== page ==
Tuesday, April 22, 2014

Brock's New Fur Cut: Before and After Shots

Brock had his first fur cut today (apart from the trim Rob gave him with the scissors last Summer). He looks like a new dog. And we can finally see his little stumpy tail.

Sunday, April 20, 2014

Rug Making Tools

I read an interesting thread in the Folksy.com forum recently asking about what people's favourite art and craft tools were.

For me (at the moment) it is my rug making tools.


This shows the assortment that I have accumulated over the years.

The yellow crochet hook is for making crochet and fabric tapestry rugs. I got this one from the Rug Maker's Homestead on Etsy.

The large, two-piece wooden shuttle hook is for making hooked rugs, working from the reverse of the base fabric. The pictured one comes from Debbie Siniska's Rag Rug Shop. My first rag rug (shown below) was made using this hook and four wool blankets from charity shops, which I dyed for the purpose.


The metal hook is a hand operated punch needle, made by Rumpelstiltskin in the US. I am not sure that anyone still sells these in the UK.

The little metal one with the black stem is a Craftsman's punch needle and I am currently using that on the piece you can see under the tools. You work from the back of the fabric and can use the tool to form loops of yarn, or fine strips of fabric on the front of the work. They are available from The Ruggery in the US. I bought this one from a UK seller, but I don't think they stock them any more. However if you search for 'Punch Needle', there are all sorts available.

The two spring loaded hooks are called bodgers and the modern one is available from Debbie Siniska. The other one was found on Ebay. You use this tool to pull shortish fabric strips through a pinch of backing fabric (working from the front) to form a plush, shaggy rag rug. There is also a latch hook tool shown, which I haven't yet used. You use it to pull short lengths of rug wool through rug canvas and knot them in place.

There are three simple rug hooking hooks that look like a crochet hook mounted in a wooden handle. These are used to pull loops up through a backing fabric, working from the front of the piece. You can use yarn, fabric strips, wool roving or whatever takes your fancy! Ribbons, strips of plastic, and even wire have all been used. They are widely available: The Rag Artist Studios do a nice assortment. The primitive rag rug below is made using a simple hand hook, and various woollen fabrics, including a tea-dyed blanket, a jumper, assorted tweedy skirt lengths and another bit of blanket that I dyed orange. As you can see, it attracts small creatures.


And this is my absolute favourite! The brass tool with the darker wood handle is a prodder, used for making rugs with a shaggy finish; you prod lengths of fabric through a base material, working from the back. This particular tool is beautifully turned and smooth to hold. Similar tools are sold by Rag Art Studios. The wall hanging below is made using this tool. The second photo shows the reverse.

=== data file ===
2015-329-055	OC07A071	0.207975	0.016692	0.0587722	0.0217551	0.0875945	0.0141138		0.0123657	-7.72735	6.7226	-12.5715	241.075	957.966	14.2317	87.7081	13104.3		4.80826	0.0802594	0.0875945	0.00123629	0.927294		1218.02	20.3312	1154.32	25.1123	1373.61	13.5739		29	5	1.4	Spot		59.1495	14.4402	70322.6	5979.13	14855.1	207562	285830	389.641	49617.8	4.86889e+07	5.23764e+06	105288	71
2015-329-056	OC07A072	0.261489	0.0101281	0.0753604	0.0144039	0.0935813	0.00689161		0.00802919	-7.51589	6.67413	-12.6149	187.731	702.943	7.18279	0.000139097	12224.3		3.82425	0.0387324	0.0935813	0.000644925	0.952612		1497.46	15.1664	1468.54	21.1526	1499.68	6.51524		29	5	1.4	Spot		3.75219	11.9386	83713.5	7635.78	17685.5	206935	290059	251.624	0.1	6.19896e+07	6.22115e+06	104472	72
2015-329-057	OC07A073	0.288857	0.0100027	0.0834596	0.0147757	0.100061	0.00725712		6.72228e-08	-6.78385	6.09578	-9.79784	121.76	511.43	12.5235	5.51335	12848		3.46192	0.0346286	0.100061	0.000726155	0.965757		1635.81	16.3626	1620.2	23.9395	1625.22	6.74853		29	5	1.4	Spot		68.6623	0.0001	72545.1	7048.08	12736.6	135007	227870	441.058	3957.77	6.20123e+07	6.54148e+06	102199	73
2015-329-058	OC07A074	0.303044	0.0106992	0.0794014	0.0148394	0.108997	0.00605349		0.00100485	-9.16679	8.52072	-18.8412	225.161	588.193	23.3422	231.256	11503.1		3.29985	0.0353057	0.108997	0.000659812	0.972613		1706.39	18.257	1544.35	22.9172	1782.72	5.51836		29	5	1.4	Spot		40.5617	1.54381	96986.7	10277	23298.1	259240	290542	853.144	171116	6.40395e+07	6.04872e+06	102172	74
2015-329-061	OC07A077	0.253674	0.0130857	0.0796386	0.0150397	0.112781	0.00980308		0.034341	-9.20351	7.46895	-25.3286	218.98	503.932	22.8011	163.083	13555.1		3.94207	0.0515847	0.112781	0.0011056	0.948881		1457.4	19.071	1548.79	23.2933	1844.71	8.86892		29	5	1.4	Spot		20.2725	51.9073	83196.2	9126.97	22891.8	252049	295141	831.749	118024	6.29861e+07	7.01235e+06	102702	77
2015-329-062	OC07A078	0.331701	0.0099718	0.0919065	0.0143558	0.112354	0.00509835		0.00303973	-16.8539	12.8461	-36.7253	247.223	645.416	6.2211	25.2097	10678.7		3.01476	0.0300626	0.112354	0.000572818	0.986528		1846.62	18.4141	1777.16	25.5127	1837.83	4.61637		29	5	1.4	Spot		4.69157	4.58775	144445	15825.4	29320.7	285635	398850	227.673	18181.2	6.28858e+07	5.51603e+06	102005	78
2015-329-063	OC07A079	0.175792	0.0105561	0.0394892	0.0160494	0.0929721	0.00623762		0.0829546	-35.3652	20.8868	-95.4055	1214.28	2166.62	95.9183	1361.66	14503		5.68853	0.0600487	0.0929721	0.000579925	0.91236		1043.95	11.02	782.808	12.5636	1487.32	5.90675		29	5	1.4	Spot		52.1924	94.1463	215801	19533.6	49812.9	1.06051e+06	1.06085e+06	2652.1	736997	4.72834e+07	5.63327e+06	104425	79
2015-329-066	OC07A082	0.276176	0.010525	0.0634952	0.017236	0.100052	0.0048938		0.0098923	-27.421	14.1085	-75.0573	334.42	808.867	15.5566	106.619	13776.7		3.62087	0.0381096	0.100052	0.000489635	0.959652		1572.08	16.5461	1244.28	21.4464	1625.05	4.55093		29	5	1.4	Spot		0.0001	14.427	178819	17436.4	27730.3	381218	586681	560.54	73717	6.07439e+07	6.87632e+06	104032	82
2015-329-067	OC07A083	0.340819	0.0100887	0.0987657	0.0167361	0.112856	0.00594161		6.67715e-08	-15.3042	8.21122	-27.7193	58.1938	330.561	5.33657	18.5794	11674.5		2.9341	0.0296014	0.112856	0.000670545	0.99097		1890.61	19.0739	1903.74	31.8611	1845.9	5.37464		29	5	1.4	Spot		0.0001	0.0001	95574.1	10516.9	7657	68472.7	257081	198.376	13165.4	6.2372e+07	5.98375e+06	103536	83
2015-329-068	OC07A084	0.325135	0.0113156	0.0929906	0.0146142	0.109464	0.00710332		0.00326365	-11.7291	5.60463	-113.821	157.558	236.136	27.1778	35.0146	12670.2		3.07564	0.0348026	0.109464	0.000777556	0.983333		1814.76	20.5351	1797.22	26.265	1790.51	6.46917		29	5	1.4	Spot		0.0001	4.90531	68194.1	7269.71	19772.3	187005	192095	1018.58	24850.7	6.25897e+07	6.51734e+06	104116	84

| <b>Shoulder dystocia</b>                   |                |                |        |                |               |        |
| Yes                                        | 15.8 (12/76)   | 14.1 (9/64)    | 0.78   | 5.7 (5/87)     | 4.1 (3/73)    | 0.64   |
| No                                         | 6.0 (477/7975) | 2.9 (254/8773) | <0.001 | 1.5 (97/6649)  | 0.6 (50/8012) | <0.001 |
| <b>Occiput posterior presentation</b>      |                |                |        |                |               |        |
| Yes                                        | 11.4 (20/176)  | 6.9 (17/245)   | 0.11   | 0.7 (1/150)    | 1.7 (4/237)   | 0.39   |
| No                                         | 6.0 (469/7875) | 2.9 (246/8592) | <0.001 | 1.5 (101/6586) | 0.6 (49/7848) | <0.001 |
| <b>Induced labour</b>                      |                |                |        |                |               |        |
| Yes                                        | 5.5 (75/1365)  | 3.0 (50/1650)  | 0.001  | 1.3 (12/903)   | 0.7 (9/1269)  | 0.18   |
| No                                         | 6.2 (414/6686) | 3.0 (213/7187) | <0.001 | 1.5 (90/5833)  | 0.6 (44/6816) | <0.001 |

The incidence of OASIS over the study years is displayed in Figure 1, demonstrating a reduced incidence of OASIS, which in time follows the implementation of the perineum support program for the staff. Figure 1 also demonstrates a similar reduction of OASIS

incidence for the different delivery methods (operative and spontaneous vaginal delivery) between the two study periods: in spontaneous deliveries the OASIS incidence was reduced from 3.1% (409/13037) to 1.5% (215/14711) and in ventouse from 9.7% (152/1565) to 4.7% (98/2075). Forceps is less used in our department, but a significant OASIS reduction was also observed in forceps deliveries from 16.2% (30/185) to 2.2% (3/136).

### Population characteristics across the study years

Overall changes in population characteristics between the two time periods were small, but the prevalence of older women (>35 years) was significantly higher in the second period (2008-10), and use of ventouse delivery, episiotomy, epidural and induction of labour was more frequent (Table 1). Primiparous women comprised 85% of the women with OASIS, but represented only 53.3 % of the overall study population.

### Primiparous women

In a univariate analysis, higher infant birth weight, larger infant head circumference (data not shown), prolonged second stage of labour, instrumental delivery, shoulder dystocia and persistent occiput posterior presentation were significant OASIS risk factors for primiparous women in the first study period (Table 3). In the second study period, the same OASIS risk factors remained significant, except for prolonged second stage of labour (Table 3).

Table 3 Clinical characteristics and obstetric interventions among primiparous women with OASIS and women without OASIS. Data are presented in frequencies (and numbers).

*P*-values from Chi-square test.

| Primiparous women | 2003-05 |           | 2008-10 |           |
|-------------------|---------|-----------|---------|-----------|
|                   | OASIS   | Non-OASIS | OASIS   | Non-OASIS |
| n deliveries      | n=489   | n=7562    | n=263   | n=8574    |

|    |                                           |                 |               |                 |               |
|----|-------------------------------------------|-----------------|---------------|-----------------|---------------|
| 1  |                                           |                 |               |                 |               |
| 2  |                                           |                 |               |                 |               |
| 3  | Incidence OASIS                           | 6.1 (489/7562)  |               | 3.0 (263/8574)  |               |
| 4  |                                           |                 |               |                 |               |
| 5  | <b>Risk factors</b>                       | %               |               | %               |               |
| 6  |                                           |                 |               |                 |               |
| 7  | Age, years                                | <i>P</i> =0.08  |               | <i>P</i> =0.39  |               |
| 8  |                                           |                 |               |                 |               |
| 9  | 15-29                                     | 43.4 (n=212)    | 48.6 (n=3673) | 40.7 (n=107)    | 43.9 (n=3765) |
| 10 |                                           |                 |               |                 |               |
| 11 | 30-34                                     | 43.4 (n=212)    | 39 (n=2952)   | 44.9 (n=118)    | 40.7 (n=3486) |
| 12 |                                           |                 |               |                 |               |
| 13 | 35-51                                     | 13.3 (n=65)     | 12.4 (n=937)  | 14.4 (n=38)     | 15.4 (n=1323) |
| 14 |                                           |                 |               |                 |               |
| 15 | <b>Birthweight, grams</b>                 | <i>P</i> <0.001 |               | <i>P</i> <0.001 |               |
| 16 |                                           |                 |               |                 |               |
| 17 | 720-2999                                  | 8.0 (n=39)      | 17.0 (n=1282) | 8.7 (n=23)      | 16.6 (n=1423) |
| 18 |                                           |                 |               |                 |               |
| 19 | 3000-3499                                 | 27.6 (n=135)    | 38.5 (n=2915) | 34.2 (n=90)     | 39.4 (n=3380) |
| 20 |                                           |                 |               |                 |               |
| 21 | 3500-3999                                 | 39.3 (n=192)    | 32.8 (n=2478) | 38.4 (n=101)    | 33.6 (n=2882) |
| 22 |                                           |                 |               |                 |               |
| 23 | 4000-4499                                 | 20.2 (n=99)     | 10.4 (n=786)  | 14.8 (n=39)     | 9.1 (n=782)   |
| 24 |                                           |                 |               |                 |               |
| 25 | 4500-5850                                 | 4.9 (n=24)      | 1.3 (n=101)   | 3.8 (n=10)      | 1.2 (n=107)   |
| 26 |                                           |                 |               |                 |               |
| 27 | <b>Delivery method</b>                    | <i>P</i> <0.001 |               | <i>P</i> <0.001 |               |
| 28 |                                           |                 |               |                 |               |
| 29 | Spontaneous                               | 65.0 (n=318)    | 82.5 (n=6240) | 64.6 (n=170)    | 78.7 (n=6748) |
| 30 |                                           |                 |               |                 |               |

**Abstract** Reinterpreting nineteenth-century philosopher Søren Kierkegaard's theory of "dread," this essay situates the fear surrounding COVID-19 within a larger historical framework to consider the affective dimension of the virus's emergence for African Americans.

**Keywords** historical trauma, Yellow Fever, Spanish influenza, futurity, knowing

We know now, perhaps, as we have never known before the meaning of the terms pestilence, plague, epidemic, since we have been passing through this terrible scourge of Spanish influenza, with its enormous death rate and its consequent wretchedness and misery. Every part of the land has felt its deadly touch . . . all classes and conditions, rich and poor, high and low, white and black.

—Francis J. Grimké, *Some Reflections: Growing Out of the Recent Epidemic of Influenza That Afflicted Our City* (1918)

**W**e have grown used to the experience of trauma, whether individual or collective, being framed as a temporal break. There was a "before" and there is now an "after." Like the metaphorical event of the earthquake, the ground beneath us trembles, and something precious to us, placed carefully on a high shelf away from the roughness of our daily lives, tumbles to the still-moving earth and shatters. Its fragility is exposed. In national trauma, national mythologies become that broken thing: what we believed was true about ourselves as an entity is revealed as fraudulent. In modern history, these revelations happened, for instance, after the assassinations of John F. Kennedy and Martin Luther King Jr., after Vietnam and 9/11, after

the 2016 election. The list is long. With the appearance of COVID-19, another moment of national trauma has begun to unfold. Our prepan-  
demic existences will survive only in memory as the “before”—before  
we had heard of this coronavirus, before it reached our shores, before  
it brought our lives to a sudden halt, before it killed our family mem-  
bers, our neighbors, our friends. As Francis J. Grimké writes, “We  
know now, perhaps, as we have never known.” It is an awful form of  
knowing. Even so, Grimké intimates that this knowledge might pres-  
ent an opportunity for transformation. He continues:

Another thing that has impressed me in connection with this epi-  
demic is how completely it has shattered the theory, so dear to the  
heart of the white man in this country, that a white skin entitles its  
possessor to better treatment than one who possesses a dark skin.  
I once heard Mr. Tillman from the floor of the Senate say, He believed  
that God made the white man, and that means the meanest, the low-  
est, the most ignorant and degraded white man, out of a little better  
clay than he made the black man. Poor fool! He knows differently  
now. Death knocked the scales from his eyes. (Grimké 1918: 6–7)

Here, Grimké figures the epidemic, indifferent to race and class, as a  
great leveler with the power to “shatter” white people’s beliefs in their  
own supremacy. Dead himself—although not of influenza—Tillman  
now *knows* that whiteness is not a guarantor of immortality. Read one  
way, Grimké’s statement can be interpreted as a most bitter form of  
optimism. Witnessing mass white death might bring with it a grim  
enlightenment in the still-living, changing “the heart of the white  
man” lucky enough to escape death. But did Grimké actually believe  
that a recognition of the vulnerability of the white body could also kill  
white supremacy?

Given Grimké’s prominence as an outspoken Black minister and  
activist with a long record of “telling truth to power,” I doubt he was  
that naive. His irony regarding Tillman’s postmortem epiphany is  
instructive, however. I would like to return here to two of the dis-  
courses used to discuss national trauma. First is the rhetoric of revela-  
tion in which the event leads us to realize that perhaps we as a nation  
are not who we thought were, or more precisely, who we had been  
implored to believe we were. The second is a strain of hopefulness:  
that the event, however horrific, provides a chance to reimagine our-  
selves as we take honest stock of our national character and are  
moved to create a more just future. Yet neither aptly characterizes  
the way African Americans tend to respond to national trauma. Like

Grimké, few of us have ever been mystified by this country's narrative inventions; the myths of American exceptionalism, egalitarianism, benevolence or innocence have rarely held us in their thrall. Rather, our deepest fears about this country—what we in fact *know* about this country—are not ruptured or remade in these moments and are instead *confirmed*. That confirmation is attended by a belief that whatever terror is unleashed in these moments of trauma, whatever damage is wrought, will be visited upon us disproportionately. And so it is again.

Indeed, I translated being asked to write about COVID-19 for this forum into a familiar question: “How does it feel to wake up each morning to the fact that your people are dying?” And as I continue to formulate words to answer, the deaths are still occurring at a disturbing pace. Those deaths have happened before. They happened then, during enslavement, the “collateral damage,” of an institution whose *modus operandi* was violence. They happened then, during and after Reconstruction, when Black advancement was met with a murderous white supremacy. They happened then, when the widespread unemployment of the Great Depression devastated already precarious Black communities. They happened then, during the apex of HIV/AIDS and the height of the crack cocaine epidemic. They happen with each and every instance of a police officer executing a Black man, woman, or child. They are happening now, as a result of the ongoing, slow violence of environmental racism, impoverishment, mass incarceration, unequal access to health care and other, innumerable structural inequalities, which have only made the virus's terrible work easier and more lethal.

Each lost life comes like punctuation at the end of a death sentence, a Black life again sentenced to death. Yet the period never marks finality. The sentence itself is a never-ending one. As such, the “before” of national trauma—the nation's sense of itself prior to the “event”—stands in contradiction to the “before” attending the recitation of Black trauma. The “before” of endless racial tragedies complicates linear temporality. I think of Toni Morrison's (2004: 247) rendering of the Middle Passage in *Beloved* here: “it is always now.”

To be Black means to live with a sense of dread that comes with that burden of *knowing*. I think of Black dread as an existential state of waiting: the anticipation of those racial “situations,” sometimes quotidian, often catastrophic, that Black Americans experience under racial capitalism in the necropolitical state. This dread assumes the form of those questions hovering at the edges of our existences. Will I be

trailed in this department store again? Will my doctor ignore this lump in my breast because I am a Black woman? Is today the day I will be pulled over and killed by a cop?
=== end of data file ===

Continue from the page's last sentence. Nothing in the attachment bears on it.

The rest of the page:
Another tool, which missed the original photo shoot, is the toothbrush needle (so called because these were originally fashioned from the handle of an old toothbrush). It is like a big flat needle with a large hole that you thread thick strips of fabric through, then working like a blanket stitch you build up rows or circles of stitches to form your rug. This one came second hand from Etsy, but Aunt Philly's in the US sell them. They also show a demo video of the process and sell instruction booklets.

Here is a rug I made, from some second hand batik fabrics that my Mum gave me, using the toothbrush needle.

What is your favourite art or craft tool, and why?

Sunday, April 06, 2014

Work in Progress: Stripy Scrap Quilt

I started on this lap quilt a few months back, and had to stop for a while to complete a couple of commissions, but I have finally finished piecing the top.

This is how it started out: a pile of little scraps, including fabrics dating back to the 1970s (summer dresses, shirts, off cuts from other projects etc):-


These were sorted into dark, medium and pale tones, then cut into strips, pieced into squares of about 5 3/4". Then trimmed to 5 1/2" squares. Because of the scraps I was working with, there was just about every colour and tone possible, so I tried to make each square work with the contrasts and colours within itself.


Here is a collage of some of the squares I came up with (randomly arranged).

When I had 144 squares, I started to work out a pattern with the random blocks. I decided to go for bands of colour in the columns, going from light to dark in the rows.

Here is the finished top, being basted to the wadding and backing (with help from Brock!):-


Just the quilting and binding to do!

Monday, March 24, 2014

Good Eggs Pinterest Board on Folksy Front Page

A selection from my Pinterest Board has made it to the front page of Folksy.com today. Yay!



















Please click through to the original Pinterest Board and then click on individual pictures to be taken to the items for sale.

Tuesday, March 18, 2014

The Making of Unnumbered Sparks


A huge interactive sculpture made by Janet Echelman. Viewers can use their mobile phones to create patterns and colours on the surface of the net.


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